As I see it, "Actions the Rules Don’t Cover" is meant for stuff that is so situational that you can't have a Power for it. The book examples pushing an ogre into a brazier while swinging from a chandelier, but it could also be for something like what happened in my table: the PCs rolling a column downhill, they trying to stop a cart with their hands, or attacking the support of a staircase. A repeatable action like bashing the heads of two creatures is much more like a Power, else if you allow anyone to do that, you should also allow anyone to say "I swing both my daggers to attack the ogre", which is a dedicated power.

  22. - Top - End - #172
    Titan in the Playground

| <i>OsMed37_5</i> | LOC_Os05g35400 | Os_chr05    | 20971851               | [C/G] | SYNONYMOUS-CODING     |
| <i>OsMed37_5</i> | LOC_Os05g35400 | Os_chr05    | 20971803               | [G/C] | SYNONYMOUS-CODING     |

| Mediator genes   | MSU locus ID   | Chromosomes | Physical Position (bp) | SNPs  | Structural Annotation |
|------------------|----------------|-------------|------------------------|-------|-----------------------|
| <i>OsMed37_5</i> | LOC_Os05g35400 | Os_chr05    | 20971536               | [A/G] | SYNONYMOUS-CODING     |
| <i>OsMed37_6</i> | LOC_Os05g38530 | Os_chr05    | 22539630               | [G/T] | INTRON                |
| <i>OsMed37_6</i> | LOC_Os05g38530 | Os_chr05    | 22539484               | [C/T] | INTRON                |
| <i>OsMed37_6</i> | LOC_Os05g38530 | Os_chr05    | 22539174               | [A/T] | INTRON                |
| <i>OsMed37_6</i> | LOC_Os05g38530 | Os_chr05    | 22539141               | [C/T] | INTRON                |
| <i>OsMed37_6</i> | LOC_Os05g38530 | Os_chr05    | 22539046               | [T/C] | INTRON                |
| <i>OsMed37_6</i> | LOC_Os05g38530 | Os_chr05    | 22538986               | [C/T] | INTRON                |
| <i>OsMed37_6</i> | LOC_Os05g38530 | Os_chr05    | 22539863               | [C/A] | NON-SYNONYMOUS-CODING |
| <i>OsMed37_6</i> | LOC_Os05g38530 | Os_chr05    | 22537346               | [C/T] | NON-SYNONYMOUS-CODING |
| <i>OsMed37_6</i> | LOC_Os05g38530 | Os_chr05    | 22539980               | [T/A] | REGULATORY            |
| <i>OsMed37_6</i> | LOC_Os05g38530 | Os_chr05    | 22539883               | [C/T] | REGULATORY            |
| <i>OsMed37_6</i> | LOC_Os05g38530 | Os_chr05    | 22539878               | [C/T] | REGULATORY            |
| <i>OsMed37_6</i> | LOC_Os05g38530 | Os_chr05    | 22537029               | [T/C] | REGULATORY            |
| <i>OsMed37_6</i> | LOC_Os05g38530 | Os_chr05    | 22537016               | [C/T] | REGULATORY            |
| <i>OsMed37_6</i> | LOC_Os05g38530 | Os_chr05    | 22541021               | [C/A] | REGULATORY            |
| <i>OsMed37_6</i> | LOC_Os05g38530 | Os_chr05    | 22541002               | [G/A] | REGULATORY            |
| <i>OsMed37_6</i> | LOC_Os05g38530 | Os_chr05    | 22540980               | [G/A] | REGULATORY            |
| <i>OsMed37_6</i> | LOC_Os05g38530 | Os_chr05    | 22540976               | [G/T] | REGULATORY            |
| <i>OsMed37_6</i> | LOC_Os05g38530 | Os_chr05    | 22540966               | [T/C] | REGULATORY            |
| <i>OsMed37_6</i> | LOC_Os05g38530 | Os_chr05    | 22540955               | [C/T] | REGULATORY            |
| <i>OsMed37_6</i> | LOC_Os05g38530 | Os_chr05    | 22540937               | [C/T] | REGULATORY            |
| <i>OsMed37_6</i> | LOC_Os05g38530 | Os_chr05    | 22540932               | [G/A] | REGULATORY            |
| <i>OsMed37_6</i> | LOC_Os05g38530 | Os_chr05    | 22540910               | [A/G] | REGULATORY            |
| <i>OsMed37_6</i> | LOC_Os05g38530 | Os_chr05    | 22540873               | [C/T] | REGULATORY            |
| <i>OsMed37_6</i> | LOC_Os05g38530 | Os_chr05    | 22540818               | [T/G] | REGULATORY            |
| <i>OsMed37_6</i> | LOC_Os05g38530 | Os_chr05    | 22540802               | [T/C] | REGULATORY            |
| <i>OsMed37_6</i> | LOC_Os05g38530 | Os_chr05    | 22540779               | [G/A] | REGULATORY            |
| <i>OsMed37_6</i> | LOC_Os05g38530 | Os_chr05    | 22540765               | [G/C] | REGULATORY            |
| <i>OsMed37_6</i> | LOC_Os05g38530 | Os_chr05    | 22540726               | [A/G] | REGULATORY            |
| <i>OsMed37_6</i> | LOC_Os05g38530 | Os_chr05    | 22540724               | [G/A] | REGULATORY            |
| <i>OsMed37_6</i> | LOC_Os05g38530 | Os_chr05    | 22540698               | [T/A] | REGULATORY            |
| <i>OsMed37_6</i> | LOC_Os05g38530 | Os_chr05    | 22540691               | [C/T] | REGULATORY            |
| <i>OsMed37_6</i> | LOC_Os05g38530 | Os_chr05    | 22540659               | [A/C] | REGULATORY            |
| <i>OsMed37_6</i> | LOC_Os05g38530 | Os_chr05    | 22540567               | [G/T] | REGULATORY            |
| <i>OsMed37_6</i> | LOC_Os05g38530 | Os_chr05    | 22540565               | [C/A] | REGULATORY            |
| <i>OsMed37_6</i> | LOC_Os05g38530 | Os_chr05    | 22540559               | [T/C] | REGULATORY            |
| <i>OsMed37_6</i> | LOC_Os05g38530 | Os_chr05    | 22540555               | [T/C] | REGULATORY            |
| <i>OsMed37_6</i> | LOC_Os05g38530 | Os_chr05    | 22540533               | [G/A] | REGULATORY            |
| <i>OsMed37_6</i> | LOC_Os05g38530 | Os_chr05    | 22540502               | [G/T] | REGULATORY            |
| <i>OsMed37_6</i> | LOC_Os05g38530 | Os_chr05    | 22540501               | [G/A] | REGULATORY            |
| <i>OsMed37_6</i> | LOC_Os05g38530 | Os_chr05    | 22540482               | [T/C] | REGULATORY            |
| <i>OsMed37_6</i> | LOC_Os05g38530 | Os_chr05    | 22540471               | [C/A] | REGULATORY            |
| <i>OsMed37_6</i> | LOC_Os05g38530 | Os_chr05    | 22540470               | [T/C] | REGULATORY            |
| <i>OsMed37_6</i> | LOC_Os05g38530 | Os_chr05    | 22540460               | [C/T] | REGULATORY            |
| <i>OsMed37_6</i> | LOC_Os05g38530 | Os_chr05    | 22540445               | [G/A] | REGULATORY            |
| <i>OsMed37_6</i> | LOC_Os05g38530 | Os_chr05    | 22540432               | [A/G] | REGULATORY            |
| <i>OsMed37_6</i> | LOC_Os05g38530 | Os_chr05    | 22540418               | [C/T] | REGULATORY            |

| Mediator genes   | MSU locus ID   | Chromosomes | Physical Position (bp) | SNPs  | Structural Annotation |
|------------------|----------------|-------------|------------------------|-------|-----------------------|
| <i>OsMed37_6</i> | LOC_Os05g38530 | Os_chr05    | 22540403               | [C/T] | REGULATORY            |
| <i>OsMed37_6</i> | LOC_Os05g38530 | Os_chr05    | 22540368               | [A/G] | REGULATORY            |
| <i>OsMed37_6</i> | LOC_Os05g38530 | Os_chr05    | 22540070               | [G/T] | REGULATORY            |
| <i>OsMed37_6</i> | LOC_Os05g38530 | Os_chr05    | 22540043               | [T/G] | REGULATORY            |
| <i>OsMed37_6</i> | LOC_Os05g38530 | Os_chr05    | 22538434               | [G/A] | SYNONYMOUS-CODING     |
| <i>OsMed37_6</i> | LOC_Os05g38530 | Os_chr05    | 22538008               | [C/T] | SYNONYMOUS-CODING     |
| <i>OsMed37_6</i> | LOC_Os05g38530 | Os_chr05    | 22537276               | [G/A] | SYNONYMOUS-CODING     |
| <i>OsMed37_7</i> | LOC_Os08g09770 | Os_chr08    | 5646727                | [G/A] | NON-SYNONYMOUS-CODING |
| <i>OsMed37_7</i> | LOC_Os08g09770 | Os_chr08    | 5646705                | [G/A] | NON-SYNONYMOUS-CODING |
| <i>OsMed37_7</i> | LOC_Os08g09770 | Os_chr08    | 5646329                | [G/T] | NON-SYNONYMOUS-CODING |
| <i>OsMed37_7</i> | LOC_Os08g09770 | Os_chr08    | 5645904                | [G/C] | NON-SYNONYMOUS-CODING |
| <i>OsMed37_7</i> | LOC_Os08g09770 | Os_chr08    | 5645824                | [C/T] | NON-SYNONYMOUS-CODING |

Kurald Galain's Avatar

    Join Date
    Jun 2007

    Default Re: What am I forgetting about 4e D&D?

    Quote Originally Posted by Marcloure View Post
    However, I get what you mean, if a new player came and said "I want to bash the head of these two orcs together", I would have to ask "do you have a power for that?". I am just not sure this is a problem, that is how 5e and PF 2e works as well. Something like Dungeon World would allow this kind of free-form play.
    Regardless of edition, I would rule that any ability that lets you make two unarmed attacks in one turn lets you do this (for instance, 4E's Twin Strike, 3E/PF's flurry of blows, or just two attack actions in P2).

    Quote Originally Posted by Beoric View Post
    EDIT: It frustrates me that even experienced 4e DMs don't appear to be aware of this rule and its implications.
    An implication may be that the player, after hearing how you would rule it, notes that this is weaker than an MBA and decides not to do it.
    Guide to the Magus, the Pathfinder Gish class.

    "I would really like to see a game made by Obryn, Kurald Galain, and Knaight from these forums. I'm not joking one bit. I would buy the hell out of that." -- ChubbyRain